Ask The Advice Pedaler: Etiquette for the Conscientious Cyclist

Dear Advice Pedaler:
I'll support your cause when you get bicyclists to stop riding on the sidewalk. I can't tell you how many times I've almost been hit. My balance and hearing aren't what they used to be, so I can't get out of the way very fast.

Your Grandma

Dear Advice Pedaler:
Can you explain the proper etiquette for a situation I've encountered many times: I'm riding in the bike lane, in the direction of traffic, when suddenly a bicyclist comes at me from the opposite direction, in my bike lane. What am I supposed to do?

Confused on Folsom Street

Dear Grandma and Confused:
The Advice Pedaler looks forward to the day when all streets have room for bikes, when motorists respect bicyclists' rights to the road, where happy cyclists cheerfully call out "on your left" and use arm signals to indicate their intents, and the air is filled with the sweet sounds of bike bells. In this perfect world, even the rudest or most timid cyclist will not even think of riding on a sidewalk or against traffic.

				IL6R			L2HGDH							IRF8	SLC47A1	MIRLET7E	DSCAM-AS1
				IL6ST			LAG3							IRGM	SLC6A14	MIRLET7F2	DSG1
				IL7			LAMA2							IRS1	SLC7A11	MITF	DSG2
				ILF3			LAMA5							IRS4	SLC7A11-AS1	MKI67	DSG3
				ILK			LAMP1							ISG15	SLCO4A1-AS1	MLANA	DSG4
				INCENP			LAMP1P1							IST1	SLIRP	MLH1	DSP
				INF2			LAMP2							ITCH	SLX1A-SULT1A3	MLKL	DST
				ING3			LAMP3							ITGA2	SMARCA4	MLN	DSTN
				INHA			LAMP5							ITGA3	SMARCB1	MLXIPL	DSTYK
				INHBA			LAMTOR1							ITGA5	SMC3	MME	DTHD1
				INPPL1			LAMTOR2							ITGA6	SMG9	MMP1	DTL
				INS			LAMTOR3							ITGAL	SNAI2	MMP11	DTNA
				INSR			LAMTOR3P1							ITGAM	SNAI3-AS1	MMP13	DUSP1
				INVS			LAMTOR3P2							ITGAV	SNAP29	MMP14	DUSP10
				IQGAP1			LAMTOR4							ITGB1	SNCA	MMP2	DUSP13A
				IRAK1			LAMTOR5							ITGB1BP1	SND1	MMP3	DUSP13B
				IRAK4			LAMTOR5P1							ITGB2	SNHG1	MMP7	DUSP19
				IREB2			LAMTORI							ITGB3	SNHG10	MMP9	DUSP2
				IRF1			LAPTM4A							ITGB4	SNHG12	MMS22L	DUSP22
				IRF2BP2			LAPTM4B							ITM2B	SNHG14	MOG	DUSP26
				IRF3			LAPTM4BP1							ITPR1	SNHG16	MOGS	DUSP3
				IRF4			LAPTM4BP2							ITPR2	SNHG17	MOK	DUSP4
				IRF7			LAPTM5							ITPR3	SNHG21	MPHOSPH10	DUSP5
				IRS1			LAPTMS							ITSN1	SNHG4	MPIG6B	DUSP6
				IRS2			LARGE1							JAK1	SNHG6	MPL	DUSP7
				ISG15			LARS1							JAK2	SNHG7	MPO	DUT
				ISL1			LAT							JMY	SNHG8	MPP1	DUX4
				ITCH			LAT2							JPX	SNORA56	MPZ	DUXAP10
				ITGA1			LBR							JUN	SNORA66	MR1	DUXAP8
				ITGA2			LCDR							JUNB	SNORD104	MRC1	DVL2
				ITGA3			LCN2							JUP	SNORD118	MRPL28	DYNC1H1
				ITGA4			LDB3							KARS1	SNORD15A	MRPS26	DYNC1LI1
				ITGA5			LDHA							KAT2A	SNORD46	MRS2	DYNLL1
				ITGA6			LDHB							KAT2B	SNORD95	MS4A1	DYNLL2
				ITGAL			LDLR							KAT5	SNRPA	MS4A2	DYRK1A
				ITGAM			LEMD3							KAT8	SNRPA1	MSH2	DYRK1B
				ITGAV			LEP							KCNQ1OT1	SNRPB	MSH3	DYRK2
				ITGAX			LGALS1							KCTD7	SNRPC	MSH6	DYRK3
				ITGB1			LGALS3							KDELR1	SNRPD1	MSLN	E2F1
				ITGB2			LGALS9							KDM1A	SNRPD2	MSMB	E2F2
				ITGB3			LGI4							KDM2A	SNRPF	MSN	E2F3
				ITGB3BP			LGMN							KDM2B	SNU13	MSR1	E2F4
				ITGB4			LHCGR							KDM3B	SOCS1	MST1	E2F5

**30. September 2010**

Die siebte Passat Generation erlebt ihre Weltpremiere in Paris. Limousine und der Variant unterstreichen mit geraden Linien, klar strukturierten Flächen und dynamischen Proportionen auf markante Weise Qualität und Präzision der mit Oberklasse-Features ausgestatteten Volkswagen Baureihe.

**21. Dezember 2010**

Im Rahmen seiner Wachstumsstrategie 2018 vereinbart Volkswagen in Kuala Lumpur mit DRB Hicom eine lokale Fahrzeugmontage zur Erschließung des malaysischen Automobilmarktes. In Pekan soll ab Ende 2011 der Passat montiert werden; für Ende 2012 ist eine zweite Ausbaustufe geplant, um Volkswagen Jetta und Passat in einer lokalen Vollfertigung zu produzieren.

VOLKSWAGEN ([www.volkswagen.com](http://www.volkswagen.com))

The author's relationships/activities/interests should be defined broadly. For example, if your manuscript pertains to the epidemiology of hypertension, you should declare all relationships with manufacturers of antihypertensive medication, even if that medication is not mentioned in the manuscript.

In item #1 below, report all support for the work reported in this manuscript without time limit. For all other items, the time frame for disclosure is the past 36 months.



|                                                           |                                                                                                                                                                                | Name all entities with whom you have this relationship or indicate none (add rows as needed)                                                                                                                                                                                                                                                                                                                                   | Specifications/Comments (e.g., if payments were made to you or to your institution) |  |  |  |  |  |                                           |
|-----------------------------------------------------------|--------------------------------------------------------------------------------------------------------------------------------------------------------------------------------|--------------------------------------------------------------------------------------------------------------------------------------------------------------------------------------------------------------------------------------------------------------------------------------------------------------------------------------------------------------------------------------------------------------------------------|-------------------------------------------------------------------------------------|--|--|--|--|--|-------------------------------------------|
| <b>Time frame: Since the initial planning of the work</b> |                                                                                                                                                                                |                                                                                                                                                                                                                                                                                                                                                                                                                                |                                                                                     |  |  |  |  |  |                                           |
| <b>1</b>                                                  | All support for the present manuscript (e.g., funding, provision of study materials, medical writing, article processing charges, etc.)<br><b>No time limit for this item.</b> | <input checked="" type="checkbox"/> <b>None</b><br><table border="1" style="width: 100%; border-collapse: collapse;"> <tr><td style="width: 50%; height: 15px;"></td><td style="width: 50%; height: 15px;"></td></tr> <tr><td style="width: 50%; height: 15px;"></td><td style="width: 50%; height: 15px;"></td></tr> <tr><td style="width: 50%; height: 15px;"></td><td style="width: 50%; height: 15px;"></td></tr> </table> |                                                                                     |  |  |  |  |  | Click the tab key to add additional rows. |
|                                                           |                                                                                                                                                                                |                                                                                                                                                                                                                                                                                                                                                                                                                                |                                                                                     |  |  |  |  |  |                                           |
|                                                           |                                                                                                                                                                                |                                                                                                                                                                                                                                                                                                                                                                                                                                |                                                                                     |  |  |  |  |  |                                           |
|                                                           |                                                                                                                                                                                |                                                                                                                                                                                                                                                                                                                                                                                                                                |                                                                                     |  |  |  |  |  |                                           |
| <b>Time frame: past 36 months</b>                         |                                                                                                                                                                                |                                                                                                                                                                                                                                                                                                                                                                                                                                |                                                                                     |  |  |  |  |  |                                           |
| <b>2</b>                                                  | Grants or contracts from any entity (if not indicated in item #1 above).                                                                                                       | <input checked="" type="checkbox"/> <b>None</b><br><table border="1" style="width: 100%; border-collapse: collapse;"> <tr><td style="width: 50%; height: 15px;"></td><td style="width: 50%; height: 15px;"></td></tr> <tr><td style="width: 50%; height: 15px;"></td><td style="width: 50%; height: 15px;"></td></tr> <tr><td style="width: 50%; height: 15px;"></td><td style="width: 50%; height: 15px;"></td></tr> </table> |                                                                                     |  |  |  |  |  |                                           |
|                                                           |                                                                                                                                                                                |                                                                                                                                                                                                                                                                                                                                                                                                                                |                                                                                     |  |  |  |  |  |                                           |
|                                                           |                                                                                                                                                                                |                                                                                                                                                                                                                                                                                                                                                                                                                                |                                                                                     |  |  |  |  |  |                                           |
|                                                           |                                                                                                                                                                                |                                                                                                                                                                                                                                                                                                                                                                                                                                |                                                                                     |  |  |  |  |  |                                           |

Bicyclists must follow the same traffic laws as cars: ride with traffic and don't ride on the sidewalk. However, most sidewalk bikers and wrong-way riders don't realize that what they're doing is not only illegal, but also an abomination of manners and very dangerous.

When a bicyclist riding on the sidewalk crosses an intersection, they are going at a very high speed compared to pedestrians and can take turning cars and road-riding cyclists by complete surprise when they zoom through the crosswalk. A bicyclist riding in a bike lane against bicycle traffic usually surprises rule-following cyclists and forces them to quickly veer out into traffic in order to pass the wrong-way rider.

If the Advice Pedaler encounters a poorly designed street that makes it necessary to use the sidewalk, she gracefully dismounts and walks. When the Advice Pedaler is surprised by another cyclist coming the opposite direction in a bike lane, her usual response is "AAAAH!" or "WHOOA!" which has been an effective way to alert cyclists to their etiquette errors. She has found that "HEY! You're going the wrong way!" has not elicited a favorable response.

Note: The Advice Pedaler advises her readers that the question in last month's column from Ken, the car driver, was indeed a real phone call. Be warned! There are some crazy drivers out there.